TONY Duffell was one of the first operators on site at Liddell power station, his job was to help keep the power on.
Now, as the 52-year-old station prepares to power down for good, he holds serious concerns about the future of cost-effective, reliable and affordable energy.
"It's being shut down for the wrong reasons, the allegation or proposal is that the world is about to fall off the edge of a cliff because of pollution," he said.
"We're going blindly ahead shutting perfectly viable units down without the guarantee of being able to charge your phone or boil the jug for a cup of tea on your lunch break.
"I've got solar myself, use that by all means, but I work on the basis that you have built in braces - you don't go to an important function holding your pants up and hoping they don't fall down."
Before he started at Liddell in October of 1970, Mr Duffell worked as a marine engineer at sea for five years.
Back then jobs at the station were very attractive, offering housing, a decent pay check and a challenging role.
Muswellbrook was growing in popularity thanks to the injection of life Liddell brought with it and the opportunity to water ski on the power station's lake on the weekends.
Mr Duffell and his wife raised their three girls in the town and became quite involved with the local community.
People mostly had a trade background in those days, to be trained as an operator at Liddell the Electricity Commission ran two training schools that went for three months apiece.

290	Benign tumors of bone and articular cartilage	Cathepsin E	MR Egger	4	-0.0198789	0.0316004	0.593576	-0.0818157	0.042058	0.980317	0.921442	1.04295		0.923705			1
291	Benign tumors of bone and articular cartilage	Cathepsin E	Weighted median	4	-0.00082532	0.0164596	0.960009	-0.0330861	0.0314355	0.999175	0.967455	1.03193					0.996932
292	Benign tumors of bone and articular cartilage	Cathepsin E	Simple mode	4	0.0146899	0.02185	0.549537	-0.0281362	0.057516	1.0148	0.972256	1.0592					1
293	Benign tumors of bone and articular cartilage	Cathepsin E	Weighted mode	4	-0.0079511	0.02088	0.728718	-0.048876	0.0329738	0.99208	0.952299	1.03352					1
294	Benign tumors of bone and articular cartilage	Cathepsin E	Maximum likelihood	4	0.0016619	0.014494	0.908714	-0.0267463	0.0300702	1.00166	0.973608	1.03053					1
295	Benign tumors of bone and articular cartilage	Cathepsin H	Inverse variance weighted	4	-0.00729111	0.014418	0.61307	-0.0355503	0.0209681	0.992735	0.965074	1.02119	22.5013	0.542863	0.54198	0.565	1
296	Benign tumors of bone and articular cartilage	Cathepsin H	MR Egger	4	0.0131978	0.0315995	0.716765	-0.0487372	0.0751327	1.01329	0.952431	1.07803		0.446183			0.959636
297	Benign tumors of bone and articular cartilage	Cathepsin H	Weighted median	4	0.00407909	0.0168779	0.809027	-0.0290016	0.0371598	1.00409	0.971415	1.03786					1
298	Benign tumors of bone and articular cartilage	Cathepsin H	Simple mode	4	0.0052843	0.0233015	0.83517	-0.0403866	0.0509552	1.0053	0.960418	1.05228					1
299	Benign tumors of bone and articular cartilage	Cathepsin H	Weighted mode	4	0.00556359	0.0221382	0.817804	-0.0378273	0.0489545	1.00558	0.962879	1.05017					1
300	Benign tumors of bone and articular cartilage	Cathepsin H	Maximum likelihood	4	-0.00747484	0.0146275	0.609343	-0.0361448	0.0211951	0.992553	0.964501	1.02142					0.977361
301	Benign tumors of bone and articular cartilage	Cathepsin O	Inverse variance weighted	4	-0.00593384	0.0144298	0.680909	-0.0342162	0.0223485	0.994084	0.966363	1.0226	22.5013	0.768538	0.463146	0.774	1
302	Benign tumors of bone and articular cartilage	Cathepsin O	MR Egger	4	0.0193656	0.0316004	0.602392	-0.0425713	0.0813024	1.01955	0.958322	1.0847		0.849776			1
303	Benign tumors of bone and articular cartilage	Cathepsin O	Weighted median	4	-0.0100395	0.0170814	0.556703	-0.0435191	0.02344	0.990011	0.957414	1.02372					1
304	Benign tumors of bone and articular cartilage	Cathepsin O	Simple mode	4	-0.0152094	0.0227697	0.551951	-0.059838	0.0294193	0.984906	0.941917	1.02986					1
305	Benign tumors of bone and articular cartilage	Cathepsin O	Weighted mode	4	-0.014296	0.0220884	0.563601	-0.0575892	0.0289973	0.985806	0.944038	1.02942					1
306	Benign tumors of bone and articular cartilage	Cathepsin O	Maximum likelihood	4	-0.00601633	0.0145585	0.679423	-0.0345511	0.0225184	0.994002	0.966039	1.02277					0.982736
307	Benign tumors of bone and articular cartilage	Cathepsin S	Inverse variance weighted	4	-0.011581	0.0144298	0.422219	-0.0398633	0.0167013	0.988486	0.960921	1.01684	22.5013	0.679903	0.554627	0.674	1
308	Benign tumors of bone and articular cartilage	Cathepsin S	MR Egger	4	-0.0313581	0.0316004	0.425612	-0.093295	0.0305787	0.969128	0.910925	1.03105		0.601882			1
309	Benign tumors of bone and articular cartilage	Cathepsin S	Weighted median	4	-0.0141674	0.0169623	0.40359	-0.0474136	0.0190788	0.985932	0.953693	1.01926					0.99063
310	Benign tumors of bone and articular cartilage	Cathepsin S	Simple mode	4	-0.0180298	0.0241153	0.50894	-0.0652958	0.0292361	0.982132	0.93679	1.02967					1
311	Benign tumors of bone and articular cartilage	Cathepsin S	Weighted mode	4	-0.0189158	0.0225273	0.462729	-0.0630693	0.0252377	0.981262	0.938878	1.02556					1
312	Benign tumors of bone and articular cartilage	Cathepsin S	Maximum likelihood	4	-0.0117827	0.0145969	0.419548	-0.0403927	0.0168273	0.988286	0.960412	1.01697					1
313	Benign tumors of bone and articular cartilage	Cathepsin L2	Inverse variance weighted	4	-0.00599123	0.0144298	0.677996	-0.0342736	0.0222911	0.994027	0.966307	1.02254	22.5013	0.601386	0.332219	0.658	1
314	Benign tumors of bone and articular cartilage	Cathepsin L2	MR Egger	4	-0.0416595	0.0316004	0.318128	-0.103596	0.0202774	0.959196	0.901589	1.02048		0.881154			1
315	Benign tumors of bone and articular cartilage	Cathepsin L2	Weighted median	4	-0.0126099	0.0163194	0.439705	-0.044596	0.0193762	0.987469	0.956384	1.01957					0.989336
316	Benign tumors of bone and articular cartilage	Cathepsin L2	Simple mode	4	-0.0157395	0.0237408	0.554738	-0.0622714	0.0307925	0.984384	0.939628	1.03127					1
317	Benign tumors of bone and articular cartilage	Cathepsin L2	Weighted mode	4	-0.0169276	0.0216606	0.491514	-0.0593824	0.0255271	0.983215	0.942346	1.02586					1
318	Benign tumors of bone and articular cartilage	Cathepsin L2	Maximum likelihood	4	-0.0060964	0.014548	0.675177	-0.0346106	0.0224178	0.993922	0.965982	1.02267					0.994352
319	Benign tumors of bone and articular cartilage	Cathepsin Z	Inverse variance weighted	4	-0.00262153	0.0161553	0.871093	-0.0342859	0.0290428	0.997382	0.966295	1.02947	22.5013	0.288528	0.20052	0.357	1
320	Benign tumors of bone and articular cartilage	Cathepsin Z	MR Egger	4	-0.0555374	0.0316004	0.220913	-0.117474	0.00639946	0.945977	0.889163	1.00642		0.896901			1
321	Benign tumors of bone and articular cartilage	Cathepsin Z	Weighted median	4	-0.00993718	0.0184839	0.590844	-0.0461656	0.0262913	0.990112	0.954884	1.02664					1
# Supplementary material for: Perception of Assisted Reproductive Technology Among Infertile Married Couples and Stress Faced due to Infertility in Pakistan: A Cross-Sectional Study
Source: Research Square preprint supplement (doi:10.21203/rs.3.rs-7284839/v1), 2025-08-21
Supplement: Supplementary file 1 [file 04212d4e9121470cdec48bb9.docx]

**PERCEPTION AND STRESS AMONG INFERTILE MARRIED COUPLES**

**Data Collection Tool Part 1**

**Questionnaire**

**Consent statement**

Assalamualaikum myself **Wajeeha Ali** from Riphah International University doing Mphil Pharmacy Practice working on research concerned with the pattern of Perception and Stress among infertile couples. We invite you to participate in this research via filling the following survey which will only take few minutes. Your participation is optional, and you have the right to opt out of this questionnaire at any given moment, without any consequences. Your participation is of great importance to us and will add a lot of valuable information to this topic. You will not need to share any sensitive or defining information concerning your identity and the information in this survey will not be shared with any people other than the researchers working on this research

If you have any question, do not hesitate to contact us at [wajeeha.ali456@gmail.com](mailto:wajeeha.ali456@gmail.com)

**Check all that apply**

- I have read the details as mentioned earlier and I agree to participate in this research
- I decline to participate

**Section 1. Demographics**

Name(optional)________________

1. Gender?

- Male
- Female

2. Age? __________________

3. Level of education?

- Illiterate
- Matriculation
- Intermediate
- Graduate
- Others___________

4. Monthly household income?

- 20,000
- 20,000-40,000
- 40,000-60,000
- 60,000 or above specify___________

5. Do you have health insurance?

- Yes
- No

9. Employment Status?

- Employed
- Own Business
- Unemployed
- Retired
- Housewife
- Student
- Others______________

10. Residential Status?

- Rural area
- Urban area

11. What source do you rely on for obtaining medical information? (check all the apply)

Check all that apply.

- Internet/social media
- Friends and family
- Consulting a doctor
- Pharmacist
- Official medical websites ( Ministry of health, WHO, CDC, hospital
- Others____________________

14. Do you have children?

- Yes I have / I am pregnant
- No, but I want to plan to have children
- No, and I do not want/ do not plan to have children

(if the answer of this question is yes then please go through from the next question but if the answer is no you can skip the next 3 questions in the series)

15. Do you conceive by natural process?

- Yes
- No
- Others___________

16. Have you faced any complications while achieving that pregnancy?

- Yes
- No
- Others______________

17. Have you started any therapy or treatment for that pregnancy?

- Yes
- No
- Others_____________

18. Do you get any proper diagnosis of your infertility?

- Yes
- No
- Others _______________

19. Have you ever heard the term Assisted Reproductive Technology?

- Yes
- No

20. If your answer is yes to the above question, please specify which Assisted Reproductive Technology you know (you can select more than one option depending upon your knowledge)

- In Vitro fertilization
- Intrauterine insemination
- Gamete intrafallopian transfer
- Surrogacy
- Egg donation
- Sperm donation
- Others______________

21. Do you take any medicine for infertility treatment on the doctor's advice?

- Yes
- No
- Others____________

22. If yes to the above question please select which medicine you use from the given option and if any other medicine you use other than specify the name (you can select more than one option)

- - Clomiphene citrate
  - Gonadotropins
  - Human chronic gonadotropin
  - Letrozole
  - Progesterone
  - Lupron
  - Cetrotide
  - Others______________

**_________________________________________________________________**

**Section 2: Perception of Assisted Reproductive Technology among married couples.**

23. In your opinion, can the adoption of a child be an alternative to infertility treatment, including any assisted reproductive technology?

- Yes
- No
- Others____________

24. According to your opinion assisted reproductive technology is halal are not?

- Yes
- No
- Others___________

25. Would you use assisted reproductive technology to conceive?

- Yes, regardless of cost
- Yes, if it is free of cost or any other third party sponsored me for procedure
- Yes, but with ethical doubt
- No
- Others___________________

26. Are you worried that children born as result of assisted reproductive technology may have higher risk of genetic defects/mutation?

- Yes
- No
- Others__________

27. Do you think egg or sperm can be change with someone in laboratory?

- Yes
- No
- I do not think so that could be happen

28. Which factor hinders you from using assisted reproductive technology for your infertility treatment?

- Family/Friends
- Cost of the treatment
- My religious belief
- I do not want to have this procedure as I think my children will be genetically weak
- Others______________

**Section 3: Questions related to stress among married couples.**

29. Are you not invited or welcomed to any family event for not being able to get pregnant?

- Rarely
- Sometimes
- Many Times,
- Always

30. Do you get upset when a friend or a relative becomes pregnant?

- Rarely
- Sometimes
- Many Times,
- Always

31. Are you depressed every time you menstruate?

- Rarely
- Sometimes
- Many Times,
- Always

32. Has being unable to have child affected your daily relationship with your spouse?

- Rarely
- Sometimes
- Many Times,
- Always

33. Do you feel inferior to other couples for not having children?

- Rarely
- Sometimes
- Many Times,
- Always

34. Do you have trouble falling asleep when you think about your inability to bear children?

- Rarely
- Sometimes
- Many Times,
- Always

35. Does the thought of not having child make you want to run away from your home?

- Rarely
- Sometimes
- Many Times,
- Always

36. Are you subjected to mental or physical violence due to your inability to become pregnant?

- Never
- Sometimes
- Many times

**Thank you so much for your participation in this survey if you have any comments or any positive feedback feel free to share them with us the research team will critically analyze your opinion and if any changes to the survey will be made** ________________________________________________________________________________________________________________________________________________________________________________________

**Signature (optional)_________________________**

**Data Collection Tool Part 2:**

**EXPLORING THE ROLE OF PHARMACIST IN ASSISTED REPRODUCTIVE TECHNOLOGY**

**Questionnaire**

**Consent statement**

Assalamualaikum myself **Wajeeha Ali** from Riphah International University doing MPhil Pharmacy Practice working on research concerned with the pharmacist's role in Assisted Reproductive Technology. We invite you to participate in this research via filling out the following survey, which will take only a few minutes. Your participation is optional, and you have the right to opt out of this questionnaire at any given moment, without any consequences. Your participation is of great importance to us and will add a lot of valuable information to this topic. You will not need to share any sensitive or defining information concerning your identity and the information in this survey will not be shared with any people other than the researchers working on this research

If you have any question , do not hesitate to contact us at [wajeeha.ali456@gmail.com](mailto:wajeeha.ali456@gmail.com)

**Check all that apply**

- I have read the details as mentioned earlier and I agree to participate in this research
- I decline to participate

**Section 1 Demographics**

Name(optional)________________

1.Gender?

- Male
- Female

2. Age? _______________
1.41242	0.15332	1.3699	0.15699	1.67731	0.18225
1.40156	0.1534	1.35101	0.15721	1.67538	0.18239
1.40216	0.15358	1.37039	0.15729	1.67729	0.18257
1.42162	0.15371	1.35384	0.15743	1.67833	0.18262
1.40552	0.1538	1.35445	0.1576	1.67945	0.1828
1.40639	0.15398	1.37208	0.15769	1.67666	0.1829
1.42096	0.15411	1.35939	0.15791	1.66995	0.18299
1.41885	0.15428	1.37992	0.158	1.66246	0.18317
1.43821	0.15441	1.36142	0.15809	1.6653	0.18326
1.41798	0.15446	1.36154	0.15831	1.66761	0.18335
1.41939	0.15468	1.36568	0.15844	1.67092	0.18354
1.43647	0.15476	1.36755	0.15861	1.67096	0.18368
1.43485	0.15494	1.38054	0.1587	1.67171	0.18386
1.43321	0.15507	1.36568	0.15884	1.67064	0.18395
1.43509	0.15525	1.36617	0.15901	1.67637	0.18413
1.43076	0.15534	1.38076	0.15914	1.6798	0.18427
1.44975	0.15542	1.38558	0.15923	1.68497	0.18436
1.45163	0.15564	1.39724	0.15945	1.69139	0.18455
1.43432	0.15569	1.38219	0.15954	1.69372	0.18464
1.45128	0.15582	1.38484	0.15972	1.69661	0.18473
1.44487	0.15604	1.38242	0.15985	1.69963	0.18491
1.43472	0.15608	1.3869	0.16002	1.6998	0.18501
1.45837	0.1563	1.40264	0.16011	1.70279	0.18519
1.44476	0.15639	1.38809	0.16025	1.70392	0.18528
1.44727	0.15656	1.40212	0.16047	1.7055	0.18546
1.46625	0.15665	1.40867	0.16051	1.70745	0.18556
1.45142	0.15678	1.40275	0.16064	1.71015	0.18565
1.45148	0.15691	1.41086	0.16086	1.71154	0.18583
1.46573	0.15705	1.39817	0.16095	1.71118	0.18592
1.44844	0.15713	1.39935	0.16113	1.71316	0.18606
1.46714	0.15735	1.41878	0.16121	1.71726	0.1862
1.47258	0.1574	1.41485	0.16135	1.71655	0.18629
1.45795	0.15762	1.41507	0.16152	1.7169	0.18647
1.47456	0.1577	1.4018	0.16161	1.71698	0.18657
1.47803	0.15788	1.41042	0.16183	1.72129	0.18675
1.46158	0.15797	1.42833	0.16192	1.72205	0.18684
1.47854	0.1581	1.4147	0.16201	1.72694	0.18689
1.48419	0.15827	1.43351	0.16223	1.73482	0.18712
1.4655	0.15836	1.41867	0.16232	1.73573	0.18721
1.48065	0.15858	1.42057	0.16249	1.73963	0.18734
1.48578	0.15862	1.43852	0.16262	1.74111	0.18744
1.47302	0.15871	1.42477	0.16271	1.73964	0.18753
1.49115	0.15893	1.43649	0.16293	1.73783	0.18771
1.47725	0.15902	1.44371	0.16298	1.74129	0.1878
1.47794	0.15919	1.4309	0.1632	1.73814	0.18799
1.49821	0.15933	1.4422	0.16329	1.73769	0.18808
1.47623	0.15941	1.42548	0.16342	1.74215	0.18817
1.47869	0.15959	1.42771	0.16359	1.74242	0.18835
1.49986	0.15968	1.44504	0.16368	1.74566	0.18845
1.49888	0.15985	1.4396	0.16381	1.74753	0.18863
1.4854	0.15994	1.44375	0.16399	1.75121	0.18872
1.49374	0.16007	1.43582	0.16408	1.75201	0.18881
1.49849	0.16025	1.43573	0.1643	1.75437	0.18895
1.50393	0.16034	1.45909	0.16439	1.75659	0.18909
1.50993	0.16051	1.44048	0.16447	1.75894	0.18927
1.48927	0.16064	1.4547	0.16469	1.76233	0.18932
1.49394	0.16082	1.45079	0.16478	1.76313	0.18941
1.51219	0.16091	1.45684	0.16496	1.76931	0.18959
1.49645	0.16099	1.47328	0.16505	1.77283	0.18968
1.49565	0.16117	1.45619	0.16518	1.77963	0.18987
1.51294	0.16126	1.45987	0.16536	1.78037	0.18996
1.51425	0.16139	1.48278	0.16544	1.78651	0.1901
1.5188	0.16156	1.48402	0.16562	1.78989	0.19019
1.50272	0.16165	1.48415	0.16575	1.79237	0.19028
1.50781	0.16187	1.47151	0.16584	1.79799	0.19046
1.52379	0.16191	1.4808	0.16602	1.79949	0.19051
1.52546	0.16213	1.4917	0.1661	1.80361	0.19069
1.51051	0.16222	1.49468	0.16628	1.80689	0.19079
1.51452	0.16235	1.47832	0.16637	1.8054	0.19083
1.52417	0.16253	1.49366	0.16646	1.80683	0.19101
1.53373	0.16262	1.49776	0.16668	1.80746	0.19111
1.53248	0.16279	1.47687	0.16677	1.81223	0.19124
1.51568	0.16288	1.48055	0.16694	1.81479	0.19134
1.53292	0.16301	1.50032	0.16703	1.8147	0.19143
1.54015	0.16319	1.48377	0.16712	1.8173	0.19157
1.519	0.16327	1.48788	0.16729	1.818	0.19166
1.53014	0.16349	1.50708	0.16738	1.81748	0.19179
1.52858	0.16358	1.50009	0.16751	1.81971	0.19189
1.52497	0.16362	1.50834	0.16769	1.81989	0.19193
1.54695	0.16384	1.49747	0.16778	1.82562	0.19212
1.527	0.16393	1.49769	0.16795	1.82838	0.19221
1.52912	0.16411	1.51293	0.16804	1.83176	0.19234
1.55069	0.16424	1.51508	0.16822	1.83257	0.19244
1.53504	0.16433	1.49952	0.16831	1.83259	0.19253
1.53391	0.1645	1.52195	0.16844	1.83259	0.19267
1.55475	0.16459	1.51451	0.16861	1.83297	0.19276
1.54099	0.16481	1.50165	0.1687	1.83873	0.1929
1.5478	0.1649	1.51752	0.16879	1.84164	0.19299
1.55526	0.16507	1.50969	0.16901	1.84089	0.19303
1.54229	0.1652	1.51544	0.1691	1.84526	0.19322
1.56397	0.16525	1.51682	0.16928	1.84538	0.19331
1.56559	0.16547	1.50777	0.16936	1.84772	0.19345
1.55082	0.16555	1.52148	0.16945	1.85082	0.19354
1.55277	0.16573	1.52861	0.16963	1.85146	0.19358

"It was very competitive," Mr Duffell said.
"Every week you had to do an exam and you had to achieve 75 or 80 per cent, if you failed two weeks in a row you were out."
After 14 years working on Liddell's "clunky" by comparison English-American technology, Mr Duffell went on to commission Bayswater with its Japanese steam driven turbo alternators just across the New England Highway.
"Liddell's machinery was pretty ordinary, it was 1960s technology and computing was just coming in, the people who commissioned and maintained Liddell had to use a lot of innovation," he said.
"Going to Bayswater was like looking at a Singer sewing machine - it was the 'bee's knees' as we used to say, it was beautiful.
"We kept Liddell going through dedicated people but it was hard work, a unit would virtually trip once per shift and it was no mean job to put it back on, it was a lot of effort.
"Bayswater in comparison was almost boring, Liddell was very challenging in the beginning and that to my odd psyche was very attractive."
As the shutdown looms ahead, Mr Duffell looks back on his time there fondly.
"It's like when you have a car you loved and cherished, the new one is a whole lot better - but we don't have a new one," he said.
"It's a semi-empty feeling when you think about something that has been a very important part of our lives.
"Liddell was the move the Electricity Commission made that took a great leap forward bringing a lot of people's enthusiasm with it - that wish to make it succeed.
"I guess that's a feeling I still carry, that we were part of something important."